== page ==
Lucy Mangan

“Three days in bed with a bug did more good than a recent holiday in Norfolk”: how sick days became the new mini-break

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Lucy Mangan
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I’ve just been the perfect amount of ill. This is a very narrow target for a virus to hit requiring delicate triangulation. Bedridden but well enough to watch Netflix but too ill to work; really, properly too ill to work. Not just to go into the office. To work. This includes the sending of and replying to emails, the making and taking of calls and the fretting over not being at work. My body and brain were sufficiently shut down by their viral load that it was simply not an option. In short, the seasonal onslaught of illness has begun – and it’s brilliant.

When I told my friends about my lurgy, the reaction was envy rather than sympathy. “You lucky cow,” said one. “Why didn’t you call me over so that I could try and catch it?” “That happened to me once,” sighed another. “I watched the whole of House. And all the cat videos on YouTube. All of them.”

“Better than a holiday,” was a common refrain. And it’s true. Illness – of the right sort, I hastily add – has become something to be longed for, even courted, and recalled fondly in later years, instead of avoided at all costs. A few days’ illness is the new hotel mini-break. It’s become the most reliable way of getting genuine rest. Three days in bed battling a bug did more good than a recent week supposedly on holiday in Norfolk. I can’t remember the last time I went 72 hours without sending at least a few emails, troubleshooting just a few problems, accepting just a few commissions… The only way it stops these days is if something else takes us out of service entirely.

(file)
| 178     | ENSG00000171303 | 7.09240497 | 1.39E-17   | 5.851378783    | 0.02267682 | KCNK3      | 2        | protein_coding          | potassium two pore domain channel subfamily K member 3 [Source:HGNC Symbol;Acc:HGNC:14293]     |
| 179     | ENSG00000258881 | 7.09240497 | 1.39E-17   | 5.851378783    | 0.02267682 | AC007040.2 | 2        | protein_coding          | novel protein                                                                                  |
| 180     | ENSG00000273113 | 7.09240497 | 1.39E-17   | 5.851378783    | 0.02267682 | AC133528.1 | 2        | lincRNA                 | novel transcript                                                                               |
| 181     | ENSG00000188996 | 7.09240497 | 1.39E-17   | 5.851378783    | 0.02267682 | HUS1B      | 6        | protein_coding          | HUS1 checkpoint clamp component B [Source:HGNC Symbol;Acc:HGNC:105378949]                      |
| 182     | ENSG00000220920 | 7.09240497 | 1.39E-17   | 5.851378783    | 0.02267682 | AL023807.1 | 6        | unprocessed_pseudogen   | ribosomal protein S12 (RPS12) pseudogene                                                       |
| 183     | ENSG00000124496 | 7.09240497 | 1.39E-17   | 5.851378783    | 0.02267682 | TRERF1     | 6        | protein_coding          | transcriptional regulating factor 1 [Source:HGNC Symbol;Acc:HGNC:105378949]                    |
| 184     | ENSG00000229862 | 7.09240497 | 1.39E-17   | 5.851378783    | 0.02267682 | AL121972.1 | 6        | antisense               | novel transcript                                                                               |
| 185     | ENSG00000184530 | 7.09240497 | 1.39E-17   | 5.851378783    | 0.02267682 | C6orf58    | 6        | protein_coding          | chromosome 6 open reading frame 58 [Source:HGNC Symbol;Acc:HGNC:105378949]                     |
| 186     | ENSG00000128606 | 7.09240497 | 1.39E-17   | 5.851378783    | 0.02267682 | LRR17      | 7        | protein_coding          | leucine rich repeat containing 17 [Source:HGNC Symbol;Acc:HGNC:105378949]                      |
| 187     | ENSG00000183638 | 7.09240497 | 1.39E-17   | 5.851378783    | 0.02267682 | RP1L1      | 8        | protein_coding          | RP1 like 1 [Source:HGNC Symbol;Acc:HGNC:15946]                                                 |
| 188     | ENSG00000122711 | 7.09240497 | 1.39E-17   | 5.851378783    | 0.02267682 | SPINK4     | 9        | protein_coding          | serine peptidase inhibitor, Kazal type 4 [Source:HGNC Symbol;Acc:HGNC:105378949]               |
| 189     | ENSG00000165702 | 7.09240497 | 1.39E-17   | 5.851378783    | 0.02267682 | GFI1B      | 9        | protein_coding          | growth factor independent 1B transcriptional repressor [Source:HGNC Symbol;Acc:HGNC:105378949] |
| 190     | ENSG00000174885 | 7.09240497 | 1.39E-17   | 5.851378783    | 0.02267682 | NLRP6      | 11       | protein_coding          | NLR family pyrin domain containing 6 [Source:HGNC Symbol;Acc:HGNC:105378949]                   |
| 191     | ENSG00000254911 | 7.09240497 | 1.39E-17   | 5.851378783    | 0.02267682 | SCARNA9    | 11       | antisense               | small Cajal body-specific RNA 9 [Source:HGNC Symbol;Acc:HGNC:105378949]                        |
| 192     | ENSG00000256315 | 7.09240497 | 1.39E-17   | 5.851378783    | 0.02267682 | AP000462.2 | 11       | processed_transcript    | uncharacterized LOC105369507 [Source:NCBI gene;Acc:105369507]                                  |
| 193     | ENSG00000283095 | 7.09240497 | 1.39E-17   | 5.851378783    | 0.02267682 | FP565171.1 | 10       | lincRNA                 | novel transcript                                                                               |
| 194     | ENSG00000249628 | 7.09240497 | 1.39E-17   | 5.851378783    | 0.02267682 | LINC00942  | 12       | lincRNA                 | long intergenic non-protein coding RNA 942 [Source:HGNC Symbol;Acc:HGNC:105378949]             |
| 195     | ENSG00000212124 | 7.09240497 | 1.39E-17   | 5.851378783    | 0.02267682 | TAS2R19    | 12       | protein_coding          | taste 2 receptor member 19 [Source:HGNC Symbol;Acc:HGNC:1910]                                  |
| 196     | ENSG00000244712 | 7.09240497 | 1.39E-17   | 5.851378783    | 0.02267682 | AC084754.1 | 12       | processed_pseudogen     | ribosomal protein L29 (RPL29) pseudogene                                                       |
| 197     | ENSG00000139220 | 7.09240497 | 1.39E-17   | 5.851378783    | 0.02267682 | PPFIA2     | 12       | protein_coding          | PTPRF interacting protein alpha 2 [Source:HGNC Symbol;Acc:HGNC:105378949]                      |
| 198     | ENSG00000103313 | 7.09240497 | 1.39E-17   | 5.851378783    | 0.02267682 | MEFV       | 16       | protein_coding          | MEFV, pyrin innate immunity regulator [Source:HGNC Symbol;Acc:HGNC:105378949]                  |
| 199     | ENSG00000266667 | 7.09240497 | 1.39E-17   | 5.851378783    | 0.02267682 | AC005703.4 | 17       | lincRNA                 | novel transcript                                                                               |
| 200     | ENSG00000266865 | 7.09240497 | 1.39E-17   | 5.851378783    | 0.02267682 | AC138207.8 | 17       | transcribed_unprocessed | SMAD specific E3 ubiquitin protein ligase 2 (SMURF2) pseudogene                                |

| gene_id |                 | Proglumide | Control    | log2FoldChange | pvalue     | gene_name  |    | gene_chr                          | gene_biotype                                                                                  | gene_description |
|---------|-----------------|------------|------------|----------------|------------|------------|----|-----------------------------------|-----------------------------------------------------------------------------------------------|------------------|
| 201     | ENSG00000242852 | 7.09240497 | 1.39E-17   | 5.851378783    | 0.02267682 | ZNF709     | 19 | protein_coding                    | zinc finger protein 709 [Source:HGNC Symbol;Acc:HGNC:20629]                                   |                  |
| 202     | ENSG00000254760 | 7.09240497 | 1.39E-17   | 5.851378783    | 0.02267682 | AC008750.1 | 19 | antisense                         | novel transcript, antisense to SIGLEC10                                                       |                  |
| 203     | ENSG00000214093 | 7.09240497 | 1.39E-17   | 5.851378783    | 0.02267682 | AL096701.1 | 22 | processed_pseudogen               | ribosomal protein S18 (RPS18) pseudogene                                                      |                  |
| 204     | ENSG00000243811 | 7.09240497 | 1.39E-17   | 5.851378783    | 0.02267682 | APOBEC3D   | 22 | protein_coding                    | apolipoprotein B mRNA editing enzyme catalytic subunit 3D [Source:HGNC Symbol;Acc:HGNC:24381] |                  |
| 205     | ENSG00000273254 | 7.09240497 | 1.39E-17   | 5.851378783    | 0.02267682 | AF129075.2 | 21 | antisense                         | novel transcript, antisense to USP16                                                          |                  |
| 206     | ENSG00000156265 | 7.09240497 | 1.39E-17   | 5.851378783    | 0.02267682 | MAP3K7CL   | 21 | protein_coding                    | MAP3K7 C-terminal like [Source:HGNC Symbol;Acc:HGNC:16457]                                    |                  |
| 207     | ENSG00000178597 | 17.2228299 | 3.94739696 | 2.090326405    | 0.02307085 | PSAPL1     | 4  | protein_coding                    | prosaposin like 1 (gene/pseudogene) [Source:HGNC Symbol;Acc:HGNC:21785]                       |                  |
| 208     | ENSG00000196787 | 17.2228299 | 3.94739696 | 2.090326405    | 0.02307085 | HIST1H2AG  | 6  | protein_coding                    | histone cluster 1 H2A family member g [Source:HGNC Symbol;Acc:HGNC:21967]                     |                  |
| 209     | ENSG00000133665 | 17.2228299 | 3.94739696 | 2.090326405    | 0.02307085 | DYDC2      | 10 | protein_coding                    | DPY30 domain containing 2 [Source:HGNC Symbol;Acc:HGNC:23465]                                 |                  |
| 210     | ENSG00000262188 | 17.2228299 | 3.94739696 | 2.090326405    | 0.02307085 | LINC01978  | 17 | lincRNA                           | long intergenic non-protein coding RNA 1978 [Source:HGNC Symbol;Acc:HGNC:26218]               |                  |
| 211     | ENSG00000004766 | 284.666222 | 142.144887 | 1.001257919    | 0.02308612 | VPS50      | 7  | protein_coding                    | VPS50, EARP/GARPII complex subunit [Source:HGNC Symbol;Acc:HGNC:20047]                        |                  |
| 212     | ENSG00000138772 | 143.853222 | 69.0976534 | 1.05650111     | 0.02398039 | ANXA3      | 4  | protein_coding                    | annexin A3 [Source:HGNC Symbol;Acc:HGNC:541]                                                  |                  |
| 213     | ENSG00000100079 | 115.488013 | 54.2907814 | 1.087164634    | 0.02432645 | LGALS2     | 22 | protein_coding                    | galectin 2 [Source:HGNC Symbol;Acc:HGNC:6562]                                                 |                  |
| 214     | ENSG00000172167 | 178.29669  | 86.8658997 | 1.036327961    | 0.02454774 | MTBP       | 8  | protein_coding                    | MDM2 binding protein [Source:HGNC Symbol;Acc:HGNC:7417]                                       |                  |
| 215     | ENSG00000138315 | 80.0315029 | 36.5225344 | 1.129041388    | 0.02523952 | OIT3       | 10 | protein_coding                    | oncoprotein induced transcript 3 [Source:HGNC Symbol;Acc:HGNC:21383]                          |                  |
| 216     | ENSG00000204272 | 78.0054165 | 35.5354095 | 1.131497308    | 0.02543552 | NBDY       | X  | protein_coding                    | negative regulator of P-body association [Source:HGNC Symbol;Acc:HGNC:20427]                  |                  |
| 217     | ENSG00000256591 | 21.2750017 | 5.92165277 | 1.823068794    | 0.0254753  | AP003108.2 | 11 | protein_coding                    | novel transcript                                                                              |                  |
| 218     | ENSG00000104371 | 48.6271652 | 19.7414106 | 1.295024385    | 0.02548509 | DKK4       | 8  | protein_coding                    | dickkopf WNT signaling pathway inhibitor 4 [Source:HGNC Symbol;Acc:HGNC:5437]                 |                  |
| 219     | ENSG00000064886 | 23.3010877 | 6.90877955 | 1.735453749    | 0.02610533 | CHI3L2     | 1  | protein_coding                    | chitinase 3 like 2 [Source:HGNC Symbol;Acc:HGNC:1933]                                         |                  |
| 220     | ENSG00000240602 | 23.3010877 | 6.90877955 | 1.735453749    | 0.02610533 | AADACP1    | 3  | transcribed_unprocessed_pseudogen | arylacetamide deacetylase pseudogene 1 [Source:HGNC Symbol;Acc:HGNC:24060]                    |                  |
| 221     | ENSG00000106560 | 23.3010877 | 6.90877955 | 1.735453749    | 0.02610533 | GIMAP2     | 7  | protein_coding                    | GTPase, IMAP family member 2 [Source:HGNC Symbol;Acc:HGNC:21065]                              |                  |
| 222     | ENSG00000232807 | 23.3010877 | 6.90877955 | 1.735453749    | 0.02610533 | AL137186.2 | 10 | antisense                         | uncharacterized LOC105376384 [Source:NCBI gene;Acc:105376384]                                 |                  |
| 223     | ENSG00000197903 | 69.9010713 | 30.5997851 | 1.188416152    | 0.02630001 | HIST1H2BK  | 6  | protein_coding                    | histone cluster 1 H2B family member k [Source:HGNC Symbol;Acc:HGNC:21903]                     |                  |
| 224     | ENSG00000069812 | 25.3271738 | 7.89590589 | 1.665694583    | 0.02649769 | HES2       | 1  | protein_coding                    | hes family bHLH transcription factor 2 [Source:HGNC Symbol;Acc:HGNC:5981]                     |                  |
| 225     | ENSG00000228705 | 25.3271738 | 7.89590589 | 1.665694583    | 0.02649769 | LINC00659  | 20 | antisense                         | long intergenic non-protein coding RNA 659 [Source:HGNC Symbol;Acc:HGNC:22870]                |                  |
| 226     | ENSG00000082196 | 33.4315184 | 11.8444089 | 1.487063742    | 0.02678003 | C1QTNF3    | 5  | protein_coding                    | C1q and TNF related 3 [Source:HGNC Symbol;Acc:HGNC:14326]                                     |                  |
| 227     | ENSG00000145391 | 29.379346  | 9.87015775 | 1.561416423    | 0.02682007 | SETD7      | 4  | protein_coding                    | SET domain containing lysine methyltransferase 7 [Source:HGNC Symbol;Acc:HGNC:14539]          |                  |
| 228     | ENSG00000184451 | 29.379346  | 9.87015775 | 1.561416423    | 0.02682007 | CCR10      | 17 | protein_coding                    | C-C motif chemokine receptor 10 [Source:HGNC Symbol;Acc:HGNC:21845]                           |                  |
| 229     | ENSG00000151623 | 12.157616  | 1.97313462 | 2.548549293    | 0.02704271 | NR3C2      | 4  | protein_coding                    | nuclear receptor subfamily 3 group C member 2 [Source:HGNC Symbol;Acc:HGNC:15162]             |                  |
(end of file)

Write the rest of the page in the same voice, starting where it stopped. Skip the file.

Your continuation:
I don’t know when the world went so mad that a bout of sickness became A Good Thing, but clearly it has. This demented inversion of the normal way of things shows how impossible it has become to enjoy true free time now that our employers can always reach us. Yes, you can switch your work phone off and refuse to check emails, or even throw a sickie but this hardly solves the problem. The nagging knowledge that voicemails and messages are building up means most of us crack within the hour or wish we’d never bothered phoning in with the fake sore throat. It’s easier just to deal with stuff than face the backlog or have the risk of unknown disaster scratching away at the back of your mind all day/evening/weekend/holiday.

According to a CIPD survey of companies last year, 31% of staff report a rise in people coming into work while they are ill. Common sense suggests that figure would shoot up if you included all the people who didn’t come in but still managed to work from their sickbeds at home. My friend, who is a nurse at a walk-in centre, is driven demented by the number of people who come in asking for antibiotics or some other medical cosh for a minor symptom for which there would be no better or more effective treatment than a day’s rest because they cannot take that day and yet cannot afford for the bug to get any worse. Which of course JUST MAKES IT WORSE.

Meanwhile – the leading cause of sick days that are taken is…drumroll please… stress! Gosh, I wonder why that could be?

We need to break this vicious cycle in which we have all become prepared to work until we drop – and then crawl on the floor to the office instead – and learn to put our health first. Employers need to accept that without this happening both we and they have nothing. And if we can’t do it? Well, a great sickness indeed infects us all.

Photography: Ellis Parrinder, iStock